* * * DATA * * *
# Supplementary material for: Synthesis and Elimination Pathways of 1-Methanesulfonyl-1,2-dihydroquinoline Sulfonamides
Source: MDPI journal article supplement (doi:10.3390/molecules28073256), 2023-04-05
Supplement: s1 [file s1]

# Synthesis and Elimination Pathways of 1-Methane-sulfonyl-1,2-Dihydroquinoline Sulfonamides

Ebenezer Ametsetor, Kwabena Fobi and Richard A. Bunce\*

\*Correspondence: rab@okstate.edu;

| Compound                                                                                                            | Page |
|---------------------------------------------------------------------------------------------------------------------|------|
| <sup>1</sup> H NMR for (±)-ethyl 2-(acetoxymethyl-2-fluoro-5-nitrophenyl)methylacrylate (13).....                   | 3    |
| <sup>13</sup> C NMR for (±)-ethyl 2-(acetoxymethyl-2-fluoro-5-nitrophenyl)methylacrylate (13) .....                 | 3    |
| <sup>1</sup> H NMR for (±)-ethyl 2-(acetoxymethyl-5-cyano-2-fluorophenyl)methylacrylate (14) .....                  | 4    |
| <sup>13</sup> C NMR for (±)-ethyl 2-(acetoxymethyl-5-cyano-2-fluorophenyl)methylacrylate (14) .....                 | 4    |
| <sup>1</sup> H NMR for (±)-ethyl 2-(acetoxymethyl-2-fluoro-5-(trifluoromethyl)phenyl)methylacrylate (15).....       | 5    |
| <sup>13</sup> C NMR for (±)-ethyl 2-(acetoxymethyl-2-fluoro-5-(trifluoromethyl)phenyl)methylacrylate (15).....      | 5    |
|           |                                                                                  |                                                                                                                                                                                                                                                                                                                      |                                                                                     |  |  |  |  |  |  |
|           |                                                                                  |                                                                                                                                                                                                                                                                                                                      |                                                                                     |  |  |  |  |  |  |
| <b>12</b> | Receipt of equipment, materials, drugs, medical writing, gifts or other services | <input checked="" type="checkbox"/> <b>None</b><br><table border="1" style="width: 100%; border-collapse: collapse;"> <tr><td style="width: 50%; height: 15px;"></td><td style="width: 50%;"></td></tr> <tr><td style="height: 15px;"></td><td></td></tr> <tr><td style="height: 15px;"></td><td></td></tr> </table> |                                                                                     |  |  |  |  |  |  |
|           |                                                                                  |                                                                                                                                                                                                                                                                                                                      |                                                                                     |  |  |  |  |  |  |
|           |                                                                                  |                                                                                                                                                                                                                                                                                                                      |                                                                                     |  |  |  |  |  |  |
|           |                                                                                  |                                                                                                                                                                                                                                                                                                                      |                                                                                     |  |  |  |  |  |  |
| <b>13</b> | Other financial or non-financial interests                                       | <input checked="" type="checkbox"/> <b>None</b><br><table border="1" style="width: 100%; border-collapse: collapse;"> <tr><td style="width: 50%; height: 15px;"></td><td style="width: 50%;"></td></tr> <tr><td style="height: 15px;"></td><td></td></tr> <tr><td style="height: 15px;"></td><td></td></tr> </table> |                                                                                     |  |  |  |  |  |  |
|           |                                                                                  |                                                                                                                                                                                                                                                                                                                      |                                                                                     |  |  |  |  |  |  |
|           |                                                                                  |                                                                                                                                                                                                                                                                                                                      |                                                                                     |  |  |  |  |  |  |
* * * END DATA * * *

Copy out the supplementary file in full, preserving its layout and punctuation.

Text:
# Supplementary material for: Synthesis and Elimination Pathways of 1-Methanesulfonyl-1,2-dihydroquinoline Sulfonamides
Source: MDPI journal article supplement (doi:10.3390/molecules28073256), 2023-04-05
Supplement: s1 [file s1]

# Synthesis and Elimination Pathways of 1-Methane-sulfonyl-1,2-Dihydroquinoline Sulfonamides

Ebenezer Ametsetor, Kwabena Fobi and Richard A. Bunce\*

\*Correspondence: rab@okstate.edu;

| Compound                                                                                                            | Page |
|---------------------------------------------------------------------------------------------------------------------|------|
| <sup>1</sup> H NMR for (±)-ethyl 2-(acetoxymethyl-2-fluoro-5-nitrophenyl)methylacrylate (13).....                   | 3    |
| <sup>13</sup> C NMR for (±)-ethyl 2-(acetoxymethyl-2-fluoro-5-nitrophenyl)methylacrylate (13) .....                 | 3    |
| <sup>1</sup> H NMR for (±)-ethyl 2-(acetoxymethyl-5-cyano-2-fluorophenyl)methylacrylate (14) .....                  | 4    |
| <sup>13</sup> C NMR for (±)-ethyl 2-(acetoxymethyl-5-cyano-2-fluorophenyl)methylacrylate (14) .....                 | 4    |
| <sup>1</sup> H NMR for (±)-ethyl 2-(acetoxymethyl-2-fluoro-5-(trifluoromethyl)phenyl)methylacrylate (15).....       | 5    |
| <sup>13</sup> C NMR for (±)-ethyl 2-(acetoxymethyl-2-fluoro-5-(trifluoromethyl)phenyl)methylacrylate (15).....      | 5    |
|           |                                                                                  |                                                                                                                                                                                                                                                                                                                      |                                                                                     |  |  |  |  |  |  |
|           |                                                                                  |                                                                                                                                                                                                                                                                                                                      |                                                                                     |  |  |  |  |  |  |
| <b>12</b> | Receipt of equipment, materials, drugs, medical writing, gifts or other services | <input checked="" type="checkbox"/> <b>None</b><br><table border="1" style="width: 100%; border-collapse: collapse;"> <tr><td style="width: 50%; height: 15px;"></td><td style="width: 50%;"></td></tr> <tr><td style="height: 15px;"></td><td></td></tr> <tr><td style="height: 15px;"></td><td></td></tr> </table> |                                                                                     |  |  |  |  |  |  |
|           |                                                                                  |                                                                                                                                                                                                                                                                                                                      |                                                                                     |  |  |  |  |  |  |
|           |                                                                                  |                                                                                                                                                                                                                                                                                                                      |                                                                                     |  |  |  |  |  |  |
|           |                                                                                  |                                                                                                                                                                                                                                                                                                                      |                                                                                     |  |  |  |  |  |  |
| <b>13</b> | Other financial or non-financial interests                                       | <input checked="" type="checkbox"/> <b>None</b><br><table border="1" style="width: 100%; border-collapse: collapse;"> <tr><td style="width: 50%; height: 15px;"></td><td style="width: 50%;"></td></tr> <tr><td style="height: 15px;"></td><td></td></tr> <tr><td style="height: 15px;"></td><td></td></tr> </table> |                                                                                     |  |  |  |  |  |  |
|           |                                                                                  |                                                                                                                                                                                                                                                                                                                      |                                                                                     |  |  |  |  |  |  |
|           |                                                                                  |                                                                                                                                                                                                                                                                                                                      |                                                                                     |  |  |  |  |  |  |